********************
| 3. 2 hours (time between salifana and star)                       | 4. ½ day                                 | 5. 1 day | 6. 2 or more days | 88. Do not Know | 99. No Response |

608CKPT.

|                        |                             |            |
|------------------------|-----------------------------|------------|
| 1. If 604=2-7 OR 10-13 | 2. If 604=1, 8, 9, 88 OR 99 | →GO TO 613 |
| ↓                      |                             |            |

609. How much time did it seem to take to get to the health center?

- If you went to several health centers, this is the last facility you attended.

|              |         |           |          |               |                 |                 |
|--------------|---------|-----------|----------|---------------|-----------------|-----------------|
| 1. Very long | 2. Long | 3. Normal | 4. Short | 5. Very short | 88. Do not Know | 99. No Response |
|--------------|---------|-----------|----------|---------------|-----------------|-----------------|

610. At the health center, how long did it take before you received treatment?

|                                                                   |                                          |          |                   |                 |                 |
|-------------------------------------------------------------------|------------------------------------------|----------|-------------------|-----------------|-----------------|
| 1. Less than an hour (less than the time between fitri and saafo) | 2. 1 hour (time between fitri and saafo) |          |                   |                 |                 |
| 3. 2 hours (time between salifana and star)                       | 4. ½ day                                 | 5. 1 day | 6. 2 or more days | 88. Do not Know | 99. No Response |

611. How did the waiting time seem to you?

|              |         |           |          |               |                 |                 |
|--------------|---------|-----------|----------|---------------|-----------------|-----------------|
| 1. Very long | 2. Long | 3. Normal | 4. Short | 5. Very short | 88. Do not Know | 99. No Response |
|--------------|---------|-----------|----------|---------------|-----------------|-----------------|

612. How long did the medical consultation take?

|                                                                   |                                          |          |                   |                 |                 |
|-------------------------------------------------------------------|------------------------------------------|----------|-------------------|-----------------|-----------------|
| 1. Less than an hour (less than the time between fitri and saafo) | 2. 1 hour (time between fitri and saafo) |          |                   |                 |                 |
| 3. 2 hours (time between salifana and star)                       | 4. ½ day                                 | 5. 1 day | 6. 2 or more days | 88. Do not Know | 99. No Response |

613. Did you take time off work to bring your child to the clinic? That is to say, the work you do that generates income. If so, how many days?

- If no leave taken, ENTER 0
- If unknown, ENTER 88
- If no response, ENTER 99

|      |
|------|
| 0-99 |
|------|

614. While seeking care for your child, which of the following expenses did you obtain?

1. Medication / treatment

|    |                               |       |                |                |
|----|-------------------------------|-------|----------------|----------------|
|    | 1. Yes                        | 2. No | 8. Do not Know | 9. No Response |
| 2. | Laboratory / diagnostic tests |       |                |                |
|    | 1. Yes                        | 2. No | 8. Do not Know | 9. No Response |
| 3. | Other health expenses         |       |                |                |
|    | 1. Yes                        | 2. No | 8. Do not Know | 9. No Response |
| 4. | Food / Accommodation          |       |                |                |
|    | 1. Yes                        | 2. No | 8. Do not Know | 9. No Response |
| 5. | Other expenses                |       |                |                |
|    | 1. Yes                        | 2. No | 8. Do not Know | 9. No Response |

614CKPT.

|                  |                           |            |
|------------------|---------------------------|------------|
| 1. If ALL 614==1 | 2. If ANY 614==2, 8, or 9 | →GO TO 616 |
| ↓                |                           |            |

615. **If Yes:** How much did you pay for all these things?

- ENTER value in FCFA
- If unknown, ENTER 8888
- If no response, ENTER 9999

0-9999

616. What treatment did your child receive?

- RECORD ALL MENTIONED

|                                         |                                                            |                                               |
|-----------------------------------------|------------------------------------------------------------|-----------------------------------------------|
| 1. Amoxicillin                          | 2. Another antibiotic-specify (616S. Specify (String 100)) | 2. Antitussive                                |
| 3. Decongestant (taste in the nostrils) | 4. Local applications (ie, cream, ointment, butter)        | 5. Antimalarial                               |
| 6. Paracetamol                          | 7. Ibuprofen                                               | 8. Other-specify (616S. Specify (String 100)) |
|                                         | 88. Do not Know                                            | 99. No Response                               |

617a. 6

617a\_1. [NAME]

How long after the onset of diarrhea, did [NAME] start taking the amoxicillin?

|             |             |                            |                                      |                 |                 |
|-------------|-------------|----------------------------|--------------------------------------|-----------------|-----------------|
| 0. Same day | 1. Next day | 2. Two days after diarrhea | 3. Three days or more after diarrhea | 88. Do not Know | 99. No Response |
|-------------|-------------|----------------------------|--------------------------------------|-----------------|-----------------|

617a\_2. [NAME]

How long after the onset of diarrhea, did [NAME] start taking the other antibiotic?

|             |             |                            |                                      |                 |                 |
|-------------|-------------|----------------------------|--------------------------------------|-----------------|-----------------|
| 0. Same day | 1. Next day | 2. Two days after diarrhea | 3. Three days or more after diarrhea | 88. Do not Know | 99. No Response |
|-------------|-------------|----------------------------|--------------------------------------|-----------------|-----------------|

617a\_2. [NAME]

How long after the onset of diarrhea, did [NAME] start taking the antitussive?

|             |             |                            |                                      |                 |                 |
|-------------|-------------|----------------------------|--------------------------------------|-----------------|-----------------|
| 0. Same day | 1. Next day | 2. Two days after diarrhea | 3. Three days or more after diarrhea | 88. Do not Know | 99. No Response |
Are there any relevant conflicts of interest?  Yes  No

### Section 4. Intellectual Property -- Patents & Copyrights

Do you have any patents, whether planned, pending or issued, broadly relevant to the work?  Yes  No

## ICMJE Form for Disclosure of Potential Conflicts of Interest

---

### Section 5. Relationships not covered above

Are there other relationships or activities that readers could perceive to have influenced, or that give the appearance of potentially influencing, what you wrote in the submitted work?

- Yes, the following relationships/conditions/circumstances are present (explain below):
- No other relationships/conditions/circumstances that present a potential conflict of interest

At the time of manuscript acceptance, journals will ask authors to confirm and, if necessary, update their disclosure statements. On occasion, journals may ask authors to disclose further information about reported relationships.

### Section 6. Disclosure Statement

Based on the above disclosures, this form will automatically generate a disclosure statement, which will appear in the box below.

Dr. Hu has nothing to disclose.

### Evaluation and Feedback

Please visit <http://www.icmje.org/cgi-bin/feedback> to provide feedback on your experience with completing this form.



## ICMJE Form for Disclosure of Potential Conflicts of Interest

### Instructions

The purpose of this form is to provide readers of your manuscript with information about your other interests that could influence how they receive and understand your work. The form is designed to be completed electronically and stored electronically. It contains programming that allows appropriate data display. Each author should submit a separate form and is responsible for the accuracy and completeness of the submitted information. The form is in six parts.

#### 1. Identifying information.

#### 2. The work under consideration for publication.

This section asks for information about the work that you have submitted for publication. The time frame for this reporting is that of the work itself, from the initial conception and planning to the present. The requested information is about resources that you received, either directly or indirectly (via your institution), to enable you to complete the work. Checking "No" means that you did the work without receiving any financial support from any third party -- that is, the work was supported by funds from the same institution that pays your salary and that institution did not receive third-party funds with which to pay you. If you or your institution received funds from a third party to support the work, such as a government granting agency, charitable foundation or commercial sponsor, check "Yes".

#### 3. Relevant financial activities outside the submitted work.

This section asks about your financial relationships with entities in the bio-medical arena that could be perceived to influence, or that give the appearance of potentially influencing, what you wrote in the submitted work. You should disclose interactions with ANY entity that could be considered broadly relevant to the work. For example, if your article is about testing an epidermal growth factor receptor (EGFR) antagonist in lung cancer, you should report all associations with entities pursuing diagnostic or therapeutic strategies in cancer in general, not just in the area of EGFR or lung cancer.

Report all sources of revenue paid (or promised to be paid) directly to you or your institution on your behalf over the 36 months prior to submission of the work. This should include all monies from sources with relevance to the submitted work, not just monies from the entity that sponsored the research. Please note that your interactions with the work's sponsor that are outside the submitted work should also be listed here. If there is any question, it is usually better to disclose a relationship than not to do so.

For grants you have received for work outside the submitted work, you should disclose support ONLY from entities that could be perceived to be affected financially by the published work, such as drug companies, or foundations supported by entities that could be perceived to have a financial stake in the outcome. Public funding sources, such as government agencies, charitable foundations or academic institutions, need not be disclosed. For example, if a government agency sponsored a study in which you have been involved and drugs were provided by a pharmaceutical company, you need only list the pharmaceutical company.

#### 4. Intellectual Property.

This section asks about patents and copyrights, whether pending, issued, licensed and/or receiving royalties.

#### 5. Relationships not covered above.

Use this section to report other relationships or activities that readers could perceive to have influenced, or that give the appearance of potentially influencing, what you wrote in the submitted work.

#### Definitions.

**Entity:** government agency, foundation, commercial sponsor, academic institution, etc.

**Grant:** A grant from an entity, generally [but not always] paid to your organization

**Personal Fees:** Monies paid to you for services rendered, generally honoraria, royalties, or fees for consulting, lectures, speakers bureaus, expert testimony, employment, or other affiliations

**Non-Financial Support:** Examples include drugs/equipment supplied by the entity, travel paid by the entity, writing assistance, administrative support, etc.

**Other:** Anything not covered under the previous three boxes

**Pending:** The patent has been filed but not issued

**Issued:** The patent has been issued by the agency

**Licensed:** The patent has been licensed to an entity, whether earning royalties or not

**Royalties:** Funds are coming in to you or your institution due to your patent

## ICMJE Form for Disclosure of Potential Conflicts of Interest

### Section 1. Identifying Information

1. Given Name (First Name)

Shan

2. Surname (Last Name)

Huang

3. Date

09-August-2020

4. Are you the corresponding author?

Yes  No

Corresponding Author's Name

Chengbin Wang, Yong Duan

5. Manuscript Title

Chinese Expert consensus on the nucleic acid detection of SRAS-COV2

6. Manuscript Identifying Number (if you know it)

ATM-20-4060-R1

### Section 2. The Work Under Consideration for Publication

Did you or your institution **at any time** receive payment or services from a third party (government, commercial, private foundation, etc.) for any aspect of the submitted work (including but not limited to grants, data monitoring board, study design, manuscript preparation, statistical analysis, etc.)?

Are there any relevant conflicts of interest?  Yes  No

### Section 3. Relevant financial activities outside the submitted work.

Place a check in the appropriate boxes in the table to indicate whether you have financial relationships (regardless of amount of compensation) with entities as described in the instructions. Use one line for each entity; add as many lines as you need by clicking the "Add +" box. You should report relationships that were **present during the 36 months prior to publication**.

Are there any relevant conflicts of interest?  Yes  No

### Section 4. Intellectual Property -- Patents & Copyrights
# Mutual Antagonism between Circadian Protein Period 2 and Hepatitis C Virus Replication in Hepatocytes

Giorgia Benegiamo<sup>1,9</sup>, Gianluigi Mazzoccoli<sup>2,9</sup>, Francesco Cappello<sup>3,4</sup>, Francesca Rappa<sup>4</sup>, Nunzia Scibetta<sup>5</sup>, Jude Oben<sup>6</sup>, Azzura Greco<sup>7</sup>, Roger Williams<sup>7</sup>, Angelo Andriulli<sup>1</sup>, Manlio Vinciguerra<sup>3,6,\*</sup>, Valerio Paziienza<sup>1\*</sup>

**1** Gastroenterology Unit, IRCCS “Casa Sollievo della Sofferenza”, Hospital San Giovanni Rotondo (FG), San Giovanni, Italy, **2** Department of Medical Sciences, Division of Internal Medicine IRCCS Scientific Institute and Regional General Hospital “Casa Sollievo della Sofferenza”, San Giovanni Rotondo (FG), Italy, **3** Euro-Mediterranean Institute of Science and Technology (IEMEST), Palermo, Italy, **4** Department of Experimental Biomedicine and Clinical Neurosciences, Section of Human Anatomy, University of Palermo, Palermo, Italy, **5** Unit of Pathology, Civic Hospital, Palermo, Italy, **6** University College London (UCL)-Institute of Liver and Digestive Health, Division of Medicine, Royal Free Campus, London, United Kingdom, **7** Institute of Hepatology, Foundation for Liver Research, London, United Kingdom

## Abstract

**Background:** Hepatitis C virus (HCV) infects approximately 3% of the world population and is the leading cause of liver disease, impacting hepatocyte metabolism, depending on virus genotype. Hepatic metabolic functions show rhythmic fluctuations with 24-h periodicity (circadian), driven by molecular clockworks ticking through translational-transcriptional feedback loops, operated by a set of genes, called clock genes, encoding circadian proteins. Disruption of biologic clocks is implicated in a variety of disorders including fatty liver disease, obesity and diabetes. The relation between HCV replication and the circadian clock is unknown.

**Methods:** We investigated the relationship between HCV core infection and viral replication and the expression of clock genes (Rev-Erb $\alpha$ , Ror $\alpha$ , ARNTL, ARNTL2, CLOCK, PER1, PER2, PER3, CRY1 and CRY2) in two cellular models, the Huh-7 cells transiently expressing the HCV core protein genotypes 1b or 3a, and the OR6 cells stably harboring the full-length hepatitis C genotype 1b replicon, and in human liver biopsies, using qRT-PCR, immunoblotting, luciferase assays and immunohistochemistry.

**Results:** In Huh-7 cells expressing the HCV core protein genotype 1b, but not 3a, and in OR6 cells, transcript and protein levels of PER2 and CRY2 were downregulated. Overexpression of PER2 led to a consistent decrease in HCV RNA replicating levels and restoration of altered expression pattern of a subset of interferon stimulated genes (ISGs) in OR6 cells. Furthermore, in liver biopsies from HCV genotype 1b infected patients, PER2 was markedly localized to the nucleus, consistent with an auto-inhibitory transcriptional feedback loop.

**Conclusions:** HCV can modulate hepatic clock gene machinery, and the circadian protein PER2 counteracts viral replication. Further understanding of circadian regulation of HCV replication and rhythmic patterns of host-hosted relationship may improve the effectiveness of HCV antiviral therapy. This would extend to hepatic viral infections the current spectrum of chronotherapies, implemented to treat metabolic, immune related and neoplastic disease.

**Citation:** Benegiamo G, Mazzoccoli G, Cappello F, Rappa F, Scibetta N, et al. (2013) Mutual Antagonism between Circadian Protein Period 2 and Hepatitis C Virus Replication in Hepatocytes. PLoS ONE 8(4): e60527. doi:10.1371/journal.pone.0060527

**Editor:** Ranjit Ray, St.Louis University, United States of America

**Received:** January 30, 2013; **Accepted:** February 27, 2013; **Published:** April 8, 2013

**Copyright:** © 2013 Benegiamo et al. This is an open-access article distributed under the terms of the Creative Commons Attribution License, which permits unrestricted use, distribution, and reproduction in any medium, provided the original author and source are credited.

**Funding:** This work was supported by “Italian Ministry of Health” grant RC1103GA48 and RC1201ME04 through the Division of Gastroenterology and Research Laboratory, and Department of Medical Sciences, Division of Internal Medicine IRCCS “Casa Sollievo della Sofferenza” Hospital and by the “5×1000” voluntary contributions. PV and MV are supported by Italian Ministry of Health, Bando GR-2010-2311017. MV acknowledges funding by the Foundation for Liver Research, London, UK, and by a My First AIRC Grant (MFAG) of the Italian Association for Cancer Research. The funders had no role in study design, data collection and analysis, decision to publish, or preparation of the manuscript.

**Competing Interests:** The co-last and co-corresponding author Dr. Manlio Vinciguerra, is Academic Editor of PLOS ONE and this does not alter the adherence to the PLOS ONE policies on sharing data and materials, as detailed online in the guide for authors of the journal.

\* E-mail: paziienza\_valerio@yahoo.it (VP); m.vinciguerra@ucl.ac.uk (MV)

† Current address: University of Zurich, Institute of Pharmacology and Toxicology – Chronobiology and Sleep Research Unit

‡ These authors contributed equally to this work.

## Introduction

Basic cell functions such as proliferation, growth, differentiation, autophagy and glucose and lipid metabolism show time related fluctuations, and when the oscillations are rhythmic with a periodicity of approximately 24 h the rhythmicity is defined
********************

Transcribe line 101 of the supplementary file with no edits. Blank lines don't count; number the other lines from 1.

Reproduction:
### Instructions